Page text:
When did you first realise that light is your element?
Light essentially fascinates every child, and that was the case for me too. It was while I was working towards my physics degree that I first became interested in the background to this subject area and developed a growing interest. That's why it was clear to me after my studies: I would either do something with solar cells, where light becomes electricity, or with LEDs, where electricity becomes light. The latter is what happened, which I am very happy about.
What makes the topic of light in the automotive context so exciting for you?
For me, there are three aspects in particular: Firstly, the great safety function of light - it's all about seeing and being seen. In my opinion, everyone should experience the huge difference a good headlamp system can make. Secondly, the advent of LEDs has made light a central design feature for every car manufacturer. The headlamps determine what a car looks like. And finally, I find it extremely exciting that this field is super-innovative. The combination of these three things inspires me every day.
How has the technology evolved over the years?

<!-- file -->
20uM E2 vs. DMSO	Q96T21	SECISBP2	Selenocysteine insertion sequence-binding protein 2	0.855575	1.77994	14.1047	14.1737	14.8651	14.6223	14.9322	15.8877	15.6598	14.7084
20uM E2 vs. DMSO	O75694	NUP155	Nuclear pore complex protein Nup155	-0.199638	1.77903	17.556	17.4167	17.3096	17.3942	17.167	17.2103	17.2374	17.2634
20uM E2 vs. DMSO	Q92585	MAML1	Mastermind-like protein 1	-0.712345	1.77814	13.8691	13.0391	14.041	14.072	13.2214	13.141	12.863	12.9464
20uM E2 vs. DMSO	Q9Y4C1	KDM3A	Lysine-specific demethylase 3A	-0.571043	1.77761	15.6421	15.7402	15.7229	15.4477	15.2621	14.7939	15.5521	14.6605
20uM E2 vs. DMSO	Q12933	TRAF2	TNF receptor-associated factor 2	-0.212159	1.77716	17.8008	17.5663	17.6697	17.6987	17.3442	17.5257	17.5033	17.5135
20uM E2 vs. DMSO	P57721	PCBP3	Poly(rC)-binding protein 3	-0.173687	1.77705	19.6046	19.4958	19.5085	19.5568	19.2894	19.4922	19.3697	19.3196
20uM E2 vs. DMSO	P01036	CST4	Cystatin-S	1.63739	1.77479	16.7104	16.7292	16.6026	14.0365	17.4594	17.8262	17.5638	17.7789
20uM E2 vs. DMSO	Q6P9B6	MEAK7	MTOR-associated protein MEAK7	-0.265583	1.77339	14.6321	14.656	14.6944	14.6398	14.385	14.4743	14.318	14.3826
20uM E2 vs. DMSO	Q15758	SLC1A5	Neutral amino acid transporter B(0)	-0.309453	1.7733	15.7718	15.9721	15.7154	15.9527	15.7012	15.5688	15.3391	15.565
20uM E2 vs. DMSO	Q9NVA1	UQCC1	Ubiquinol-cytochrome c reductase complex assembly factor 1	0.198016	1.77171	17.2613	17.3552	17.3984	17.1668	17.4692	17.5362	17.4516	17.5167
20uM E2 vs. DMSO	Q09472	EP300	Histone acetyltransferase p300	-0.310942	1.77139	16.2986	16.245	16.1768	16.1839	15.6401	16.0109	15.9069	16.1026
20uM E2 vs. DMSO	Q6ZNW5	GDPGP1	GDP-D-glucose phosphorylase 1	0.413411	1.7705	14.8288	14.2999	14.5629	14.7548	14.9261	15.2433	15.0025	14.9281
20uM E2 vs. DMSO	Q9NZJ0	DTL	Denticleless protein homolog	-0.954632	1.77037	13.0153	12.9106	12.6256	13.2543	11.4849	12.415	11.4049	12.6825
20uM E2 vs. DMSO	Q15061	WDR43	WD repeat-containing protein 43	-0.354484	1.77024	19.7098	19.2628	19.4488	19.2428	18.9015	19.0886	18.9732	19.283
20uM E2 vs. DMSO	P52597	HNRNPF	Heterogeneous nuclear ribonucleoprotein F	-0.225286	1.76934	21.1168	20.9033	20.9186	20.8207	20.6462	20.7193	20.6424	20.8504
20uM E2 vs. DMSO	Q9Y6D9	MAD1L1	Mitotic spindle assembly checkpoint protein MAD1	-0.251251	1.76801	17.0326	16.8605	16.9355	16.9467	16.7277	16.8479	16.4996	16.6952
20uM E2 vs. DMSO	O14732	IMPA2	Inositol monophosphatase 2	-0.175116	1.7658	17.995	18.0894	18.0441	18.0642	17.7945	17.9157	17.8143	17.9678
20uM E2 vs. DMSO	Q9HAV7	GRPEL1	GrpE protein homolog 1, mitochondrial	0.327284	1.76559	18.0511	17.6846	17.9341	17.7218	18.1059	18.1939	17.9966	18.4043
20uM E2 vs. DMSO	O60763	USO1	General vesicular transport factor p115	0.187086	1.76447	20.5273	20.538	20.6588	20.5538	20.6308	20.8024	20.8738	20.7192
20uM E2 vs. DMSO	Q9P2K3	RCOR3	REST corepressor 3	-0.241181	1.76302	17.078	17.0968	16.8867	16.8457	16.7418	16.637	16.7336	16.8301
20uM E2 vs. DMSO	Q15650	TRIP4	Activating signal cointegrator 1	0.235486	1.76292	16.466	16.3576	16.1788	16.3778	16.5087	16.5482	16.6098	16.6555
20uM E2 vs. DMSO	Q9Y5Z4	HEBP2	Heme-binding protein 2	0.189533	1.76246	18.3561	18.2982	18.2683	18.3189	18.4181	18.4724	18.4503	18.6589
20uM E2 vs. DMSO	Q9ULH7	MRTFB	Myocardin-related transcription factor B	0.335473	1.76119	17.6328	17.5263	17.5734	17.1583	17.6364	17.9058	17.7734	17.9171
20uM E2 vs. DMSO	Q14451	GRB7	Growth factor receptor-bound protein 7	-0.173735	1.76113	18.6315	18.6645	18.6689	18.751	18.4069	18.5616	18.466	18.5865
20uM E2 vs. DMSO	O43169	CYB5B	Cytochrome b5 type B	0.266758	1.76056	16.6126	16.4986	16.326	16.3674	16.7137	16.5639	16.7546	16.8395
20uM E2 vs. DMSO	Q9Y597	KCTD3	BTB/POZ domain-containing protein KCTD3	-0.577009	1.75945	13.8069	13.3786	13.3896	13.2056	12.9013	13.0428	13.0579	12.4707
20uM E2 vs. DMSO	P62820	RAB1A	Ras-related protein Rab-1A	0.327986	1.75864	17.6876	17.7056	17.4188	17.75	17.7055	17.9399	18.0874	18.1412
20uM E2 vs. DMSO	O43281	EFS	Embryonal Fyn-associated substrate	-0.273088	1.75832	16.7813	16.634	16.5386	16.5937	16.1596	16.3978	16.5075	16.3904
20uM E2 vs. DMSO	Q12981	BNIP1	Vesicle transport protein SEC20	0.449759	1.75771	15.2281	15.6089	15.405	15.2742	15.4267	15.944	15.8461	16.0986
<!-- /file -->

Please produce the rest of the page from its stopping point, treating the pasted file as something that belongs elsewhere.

In the past we used light sources that could only produce a limited amount of light. These were halogen lamps. At some point xenon headlamps came along, and we've now arrived at LED technology. The great advantage of LEDs is their very high energy efficiency and small size. The more LEDs you use, the more light you can produce. In our very latest technology, you can imagine the headlamp as a beamer that projects the light onto the road in the form of a video consisting of more than a million individual pixels. Hence the name DIGITAL LIGHT. This gives us quite a lot of freedom in terms of light distribution. The engineers can practically determine where the light should go, and when. This is particularly important for high beam. Drivers can now leave this permanently switched on because an onboard camera recognises oncoming vehicles and can specifically exclude them from the cone of light. This means that the visibility of drivers is not impaired, but oncoming traffic is not dazzled either.